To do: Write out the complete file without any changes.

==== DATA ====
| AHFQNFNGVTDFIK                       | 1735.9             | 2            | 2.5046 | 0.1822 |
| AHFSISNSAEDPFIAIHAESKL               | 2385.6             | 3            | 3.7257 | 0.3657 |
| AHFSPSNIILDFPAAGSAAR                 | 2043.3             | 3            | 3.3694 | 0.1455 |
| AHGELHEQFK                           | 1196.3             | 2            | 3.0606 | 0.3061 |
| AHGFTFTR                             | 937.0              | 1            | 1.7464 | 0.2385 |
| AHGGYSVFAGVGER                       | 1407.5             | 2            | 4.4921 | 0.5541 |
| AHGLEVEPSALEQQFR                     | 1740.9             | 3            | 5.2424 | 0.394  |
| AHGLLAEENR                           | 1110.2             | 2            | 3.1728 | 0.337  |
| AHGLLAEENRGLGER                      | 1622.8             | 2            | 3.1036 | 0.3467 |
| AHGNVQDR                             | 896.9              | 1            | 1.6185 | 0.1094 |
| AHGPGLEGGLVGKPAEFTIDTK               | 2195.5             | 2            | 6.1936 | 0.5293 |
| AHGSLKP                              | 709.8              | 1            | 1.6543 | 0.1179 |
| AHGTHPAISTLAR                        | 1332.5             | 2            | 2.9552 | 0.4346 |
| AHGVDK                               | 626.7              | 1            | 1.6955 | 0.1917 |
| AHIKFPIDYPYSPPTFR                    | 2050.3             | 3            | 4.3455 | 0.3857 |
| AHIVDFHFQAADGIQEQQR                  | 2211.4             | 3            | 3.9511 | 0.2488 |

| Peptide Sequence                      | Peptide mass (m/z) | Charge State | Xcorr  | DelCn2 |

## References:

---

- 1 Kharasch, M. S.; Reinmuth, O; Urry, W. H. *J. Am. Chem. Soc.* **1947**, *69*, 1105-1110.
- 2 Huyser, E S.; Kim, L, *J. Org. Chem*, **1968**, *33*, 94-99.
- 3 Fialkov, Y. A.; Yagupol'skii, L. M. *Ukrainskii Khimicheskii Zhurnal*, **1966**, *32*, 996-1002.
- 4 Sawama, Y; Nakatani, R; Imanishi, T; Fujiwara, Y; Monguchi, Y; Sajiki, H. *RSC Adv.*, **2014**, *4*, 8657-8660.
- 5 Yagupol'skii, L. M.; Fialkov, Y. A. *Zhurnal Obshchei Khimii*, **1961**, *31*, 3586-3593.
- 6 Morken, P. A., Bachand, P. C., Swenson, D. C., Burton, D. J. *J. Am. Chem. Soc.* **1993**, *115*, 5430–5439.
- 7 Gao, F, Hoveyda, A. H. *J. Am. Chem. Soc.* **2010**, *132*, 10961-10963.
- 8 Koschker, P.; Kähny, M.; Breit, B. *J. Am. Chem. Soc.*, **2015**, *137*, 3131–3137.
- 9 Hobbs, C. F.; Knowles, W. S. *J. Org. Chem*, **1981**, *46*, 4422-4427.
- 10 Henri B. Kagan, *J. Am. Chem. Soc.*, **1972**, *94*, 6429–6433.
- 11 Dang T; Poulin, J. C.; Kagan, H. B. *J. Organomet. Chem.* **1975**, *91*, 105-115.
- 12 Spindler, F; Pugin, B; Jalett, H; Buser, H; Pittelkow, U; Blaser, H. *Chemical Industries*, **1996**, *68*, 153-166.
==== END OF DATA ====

| AHFQNFNGVTDFIK                       | 1735.9             | 2            | 2.5046 | 0.1822 |
| AHFSISNSAEDPFIAIHAESKL               | 2385.6             | 3            | 3.7257 | 0.3657 |
| AHFSPSNIILDFPAAGSAAR                 | 2043.3             | 3            | 3.3694 | 0.1455 |
| AHGELHEQFK                           | 1196.3             | 2            | 3.0606 | 0.3061 |
| AHGFTFTR                             | 937.0              | 1            | 1.7464 | 0.2385 |
| AHGGYSVFAGVGER                       | 1407.5             | 2            | 4.4921 | 0.5541 |
| AHGLEVEPSALEQQFR                     | 1740.9             | 3            | 5.2424 | 0.394  |
| AHGLLAEENR                           | 1110.2             | 2            | 3.1728 | 0.337  |
| AHGLLAEENRGLGER                      | 1622.8             | 2            | 3.1036 | 0.3467 |
| AHGNVQDR                             | 896.9              | 1            | 1.6185 | 0.1094 |
| AHGPGLEGGLVGKPAEFTIDTK               | 2195.5             | 2            | 6.1936 | 0.5293 |
| AHGSLKP                              | 709.8              | 1            | 1.6543 | 0.1179 |
| AHGTHPAISTLAR                        | 1332.5             | 2            | 2.9552 | 0.4346 |
| AHGVDK                               | 626.7              | 1            | 1.6955 | 0.1917 |
| AHIKFPIDYPYSPPTFR                    | 2050.3             | 3            | 4.3455 | 0.3857 |
| AHIVDFHFQAADGIQEQQR                  | 2211.4             | 3            | 3.9511 | 0.2488 |

| Peptide Sequence                      | Peptide mass (m/z) | Charge State | Xcorr  | DelCn2 |

## References:

---

- 1 Kharasch, M. S.; Reinmuth, O; Urry, W. H. *J. Am. Chem. Soc.* **1947**, *69*, 1105-1110.
- 2 Huyser, E S.; Kim, L, *J. Org. Chem*, **1968**, *33*, 94-99.
- 3 Fialkov, Y. A.; Yagupol'skii, L. M. *Ukrainskii Khimicheskii Zhurnal*, **1966**, *32*, 996-1002.
- 4 Sawama, Y; Nakatani, R; Imanishi, T; Fujiwara, Y; Monguchi, Y; Sajiki, H. *RSC Adv.*, **2014**, *4*, 8657-8660.
- 5 Yagupol'skii, L. M.; Fialkov, Y. A. *Zhurnal Obshchei Khimii*, **1961**, *31*, 3586-3593.
- 6 Morken, P. A., Bachand, P. C., Swenson, D. C., Burton, D. J. *J. Am. Chem. Soc.* **1993**, *115*, 5430–5439.
- 7 Gao, F, Hoveyda, A. H. *J. Am. Chem. Soc.* **2010**, *132*, 10961-10963.
- 8 Koschker, P.; Kähny, M.; Breit, B. *J. Am. Chem. Soc.*, **2015**, *137*, 3131–3137.
- 9 Hobbs, C. F.; Knowles, W. S. *J. Org. Chem*, **1981**, *46*, 4422-4427.
- 10 Henri B. Kagan, *J. Am. Chem. Soc.*, **1972**, *94*, 6429–6433.
- 11 Dang T; Poulin, J. C.; Kagan, H. B. *J. Organomet. Chem.* **1975**, *91*, 105-115.
- 12 Spindler, F; Pugin, B; Jalett, H; Buser, H; Pittelkow, U; Blaser, H. *Chemical Industries*, **1996**, *68*, 153-166.